Updating IDHL values: a work in progress.
American Industrial Hygiene Conference and Exposition, May 8-13, 2004, Atlanta, Georgia. Fairfax, VA: American Industrial Hygiene Association, 2004 May; :21
NIOSH developed the Immediately Dangerous to Life and Health (IDLH) values beginning in 1974. In 1994, NIOSH reviewed all IDLH values to insure they were adequately protective, adding 10% of the lower explosive limit as a new criterion. NIOSH currently recommends IDLHs for 398 of 620 substances for which it has recommended exposure limits. Although NIOSH introduced IDLHs as respirator selection criteria, their application has spread, including specific references in regulations and routine use by emergency responders. In 1998, NIOSH began reevaluating the IDLHs. Two NIOSH-funded studies reviewed 50 IDLHs. Based on available toxicity data, at least 14% were questionably protective and approximately 20% were over-protective. NIOSH has begun a process to revise IDLH documentations. This process includes developing standard protocols to assure IDLH documentations and resulting values are transparent. This presentation expands on results from the review studies and discusses progress to date, including draft protocols inferred below, for consistently applying various data. Issues surrounding concerns and roadblocks to protocol development are addressed, in part to elicit substantive responses to the following questions: Does low potential for significant airborne exposure make an IDLH value unnecessary? Is the exposure data hierarchy of inhalation > intraperitoneal > ingestion generally appropriate? Is the tenBerge, Cn * t, relationship best for time-scaling acute inhalation exposure data, even when inadequate data require using default values for "n"? How protective is the default relationship, human IDLH = (30-minute LC50, any species)* (0.1)? Are assumptions of 70-kg weight and 10 M3 inhaled air volume appropriate for IDLHs? Is an animal-to-human data uncertainty factor of 1 generally appropriate for IDLHs? Should limited data suggesting genotoxicity or carcinogenicity potential from acute exposures drive an IDLH value? What are the ramifications of basing future IDLHs on toxicity data alone?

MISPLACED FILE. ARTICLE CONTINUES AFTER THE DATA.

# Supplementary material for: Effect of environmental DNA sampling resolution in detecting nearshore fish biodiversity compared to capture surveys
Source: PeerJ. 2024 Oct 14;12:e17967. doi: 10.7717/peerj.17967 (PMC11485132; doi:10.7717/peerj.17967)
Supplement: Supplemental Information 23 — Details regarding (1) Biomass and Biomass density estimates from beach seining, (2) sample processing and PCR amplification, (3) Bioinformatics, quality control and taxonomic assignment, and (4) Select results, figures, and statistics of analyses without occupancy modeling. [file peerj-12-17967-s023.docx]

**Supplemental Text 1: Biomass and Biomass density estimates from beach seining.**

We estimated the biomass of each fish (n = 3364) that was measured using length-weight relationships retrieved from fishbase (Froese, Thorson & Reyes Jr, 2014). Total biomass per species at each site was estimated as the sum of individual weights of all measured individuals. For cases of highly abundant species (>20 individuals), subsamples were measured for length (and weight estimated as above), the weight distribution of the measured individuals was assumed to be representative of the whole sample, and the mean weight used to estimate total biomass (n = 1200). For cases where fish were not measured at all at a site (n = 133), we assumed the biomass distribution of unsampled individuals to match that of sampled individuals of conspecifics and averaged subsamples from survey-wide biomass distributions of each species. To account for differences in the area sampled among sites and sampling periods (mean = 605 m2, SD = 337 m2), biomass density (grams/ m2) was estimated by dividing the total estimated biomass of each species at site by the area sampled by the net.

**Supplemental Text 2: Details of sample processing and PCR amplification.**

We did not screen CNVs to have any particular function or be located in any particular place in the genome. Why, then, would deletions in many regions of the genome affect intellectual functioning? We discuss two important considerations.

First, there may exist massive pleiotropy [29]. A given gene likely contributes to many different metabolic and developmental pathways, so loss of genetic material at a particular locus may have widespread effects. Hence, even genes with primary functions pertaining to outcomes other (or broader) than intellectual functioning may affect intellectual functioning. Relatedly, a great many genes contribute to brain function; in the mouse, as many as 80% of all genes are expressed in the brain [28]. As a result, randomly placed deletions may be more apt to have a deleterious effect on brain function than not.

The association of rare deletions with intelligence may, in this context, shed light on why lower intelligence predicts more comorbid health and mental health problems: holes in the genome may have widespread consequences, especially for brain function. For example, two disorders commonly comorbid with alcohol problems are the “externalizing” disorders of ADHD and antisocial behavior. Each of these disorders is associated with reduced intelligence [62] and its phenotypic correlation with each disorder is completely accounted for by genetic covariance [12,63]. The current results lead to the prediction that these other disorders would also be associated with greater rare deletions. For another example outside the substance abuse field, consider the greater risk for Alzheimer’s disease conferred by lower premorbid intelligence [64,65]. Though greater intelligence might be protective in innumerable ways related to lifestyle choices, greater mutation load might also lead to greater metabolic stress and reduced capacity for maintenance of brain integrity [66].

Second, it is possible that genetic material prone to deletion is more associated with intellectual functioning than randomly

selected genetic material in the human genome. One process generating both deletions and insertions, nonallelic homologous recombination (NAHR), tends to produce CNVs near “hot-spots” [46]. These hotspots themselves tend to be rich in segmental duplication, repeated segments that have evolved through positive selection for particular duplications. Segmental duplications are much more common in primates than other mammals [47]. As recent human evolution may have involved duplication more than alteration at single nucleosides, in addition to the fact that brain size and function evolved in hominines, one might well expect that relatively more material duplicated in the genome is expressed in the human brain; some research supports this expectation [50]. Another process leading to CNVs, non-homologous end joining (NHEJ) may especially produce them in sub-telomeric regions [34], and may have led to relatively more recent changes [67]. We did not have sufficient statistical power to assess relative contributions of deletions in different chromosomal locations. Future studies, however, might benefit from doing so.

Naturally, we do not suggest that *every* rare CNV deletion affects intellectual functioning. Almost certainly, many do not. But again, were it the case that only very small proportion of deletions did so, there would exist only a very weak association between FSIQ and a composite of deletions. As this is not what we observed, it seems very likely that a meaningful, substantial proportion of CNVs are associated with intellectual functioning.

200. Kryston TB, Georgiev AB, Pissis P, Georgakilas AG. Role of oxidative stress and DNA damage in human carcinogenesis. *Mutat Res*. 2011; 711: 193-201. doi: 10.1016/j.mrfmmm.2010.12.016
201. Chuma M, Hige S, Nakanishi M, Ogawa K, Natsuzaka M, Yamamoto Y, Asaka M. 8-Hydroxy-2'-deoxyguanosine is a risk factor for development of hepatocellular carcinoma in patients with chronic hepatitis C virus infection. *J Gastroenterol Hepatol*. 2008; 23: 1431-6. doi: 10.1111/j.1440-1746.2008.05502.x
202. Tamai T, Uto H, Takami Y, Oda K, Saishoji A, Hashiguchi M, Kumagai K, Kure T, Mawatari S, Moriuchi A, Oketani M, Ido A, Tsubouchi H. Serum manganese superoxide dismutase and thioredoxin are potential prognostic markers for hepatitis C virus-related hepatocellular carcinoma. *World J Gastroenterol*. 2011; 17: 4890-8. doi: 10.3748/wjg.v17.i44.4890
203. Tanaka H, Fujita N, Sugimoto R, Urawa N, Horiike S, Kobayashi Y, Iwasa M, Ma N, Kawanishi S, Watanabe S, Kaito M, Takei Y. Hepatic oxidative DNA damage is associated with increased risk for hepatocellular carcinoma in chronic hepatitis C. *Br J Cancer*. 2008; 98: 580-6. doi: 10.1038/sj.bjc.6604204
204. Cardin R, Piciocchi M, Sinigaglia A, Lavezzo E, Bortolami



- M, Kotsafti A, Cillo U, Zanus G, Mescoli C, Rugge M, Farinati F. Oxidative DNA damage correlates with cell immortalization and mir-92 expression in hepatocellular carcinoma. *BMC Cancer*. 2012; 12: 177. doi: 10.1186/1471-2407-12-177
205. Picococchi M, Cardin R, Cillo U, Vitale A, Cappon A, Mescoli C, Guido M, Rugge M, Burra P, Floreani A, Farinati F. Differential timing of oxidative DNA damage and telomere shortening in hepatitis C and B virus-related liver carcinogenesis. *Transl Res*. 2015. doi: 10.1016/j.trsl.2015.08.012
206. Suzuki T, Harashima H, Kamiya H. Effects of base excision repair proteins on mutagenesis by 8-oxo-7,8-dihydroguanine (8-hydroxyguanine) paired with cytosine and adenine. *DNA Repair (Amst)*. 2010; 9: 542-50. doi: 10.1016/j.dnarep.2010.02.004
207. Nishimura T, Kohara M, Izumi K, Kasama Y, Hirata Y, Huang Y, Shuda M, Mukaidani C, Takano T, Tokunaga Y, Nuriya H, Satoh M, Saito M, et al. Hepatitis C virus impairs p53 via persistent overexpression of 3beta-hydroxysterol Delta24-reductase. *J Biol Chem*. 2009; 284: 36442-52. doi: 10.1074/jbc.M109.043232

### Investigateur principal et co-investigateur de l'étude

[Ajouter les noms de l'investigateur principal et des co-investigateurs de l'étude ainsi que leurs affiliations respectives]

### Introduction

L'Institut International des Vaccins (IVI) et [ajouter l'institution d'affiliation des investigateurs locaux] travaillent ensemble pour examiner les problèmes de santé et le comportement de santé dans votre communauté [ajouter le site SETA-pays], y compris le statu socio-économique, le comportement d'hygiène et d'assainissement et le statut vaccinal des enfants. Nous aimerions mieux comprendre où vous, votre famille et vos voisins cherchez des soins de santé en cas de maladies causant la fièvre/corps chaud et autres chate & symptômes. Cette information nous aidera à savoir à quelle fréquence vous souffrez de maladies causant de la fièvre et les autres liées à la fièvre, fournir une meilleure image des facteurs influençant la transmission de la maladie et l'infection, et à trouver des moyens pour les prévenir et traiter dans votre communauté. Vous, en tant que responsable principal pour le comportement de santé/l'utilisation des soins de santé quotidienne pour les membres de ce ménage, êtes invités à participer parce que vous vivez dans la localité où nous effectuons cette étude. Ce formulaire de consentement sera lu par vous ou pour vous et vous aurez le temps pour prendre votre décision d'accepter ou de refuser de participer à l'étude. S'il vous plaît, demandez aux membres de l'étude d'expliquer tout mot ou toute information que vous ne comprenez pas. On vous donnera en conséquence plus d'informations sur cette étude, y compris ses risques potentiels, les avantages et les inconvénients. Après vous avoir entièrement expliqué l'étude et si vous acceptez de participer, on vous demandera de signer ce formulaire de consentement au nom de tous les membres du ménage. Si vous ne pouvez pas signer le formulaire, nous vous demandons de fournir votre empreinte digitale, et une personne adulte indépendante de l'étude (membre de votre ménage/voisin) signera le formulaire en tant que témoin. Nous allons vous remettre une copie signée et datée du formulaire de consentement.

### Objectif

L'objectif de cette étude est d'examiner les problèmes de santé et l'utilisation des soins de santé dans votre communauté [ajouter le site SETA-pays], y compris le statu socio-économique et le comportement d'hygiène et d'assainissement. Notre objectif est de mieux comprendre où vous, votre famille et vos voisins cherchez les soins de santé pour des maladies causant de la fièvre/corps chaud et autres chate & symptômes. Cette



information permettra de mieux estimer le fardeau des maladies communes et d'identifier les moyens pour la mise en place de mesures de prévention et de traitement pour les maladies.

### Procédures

Exposure-limits; Emergency-responders; Respirators; Airborne-particles; Occupational-exposure; Exposure-levels; Inhalation-studies; Animals; Animal-studies; Acute-exposure; Carcinogenicity
American Industrial Hygiene Conference and Exposition, May 8-13, 2004, Atlanta, Georgia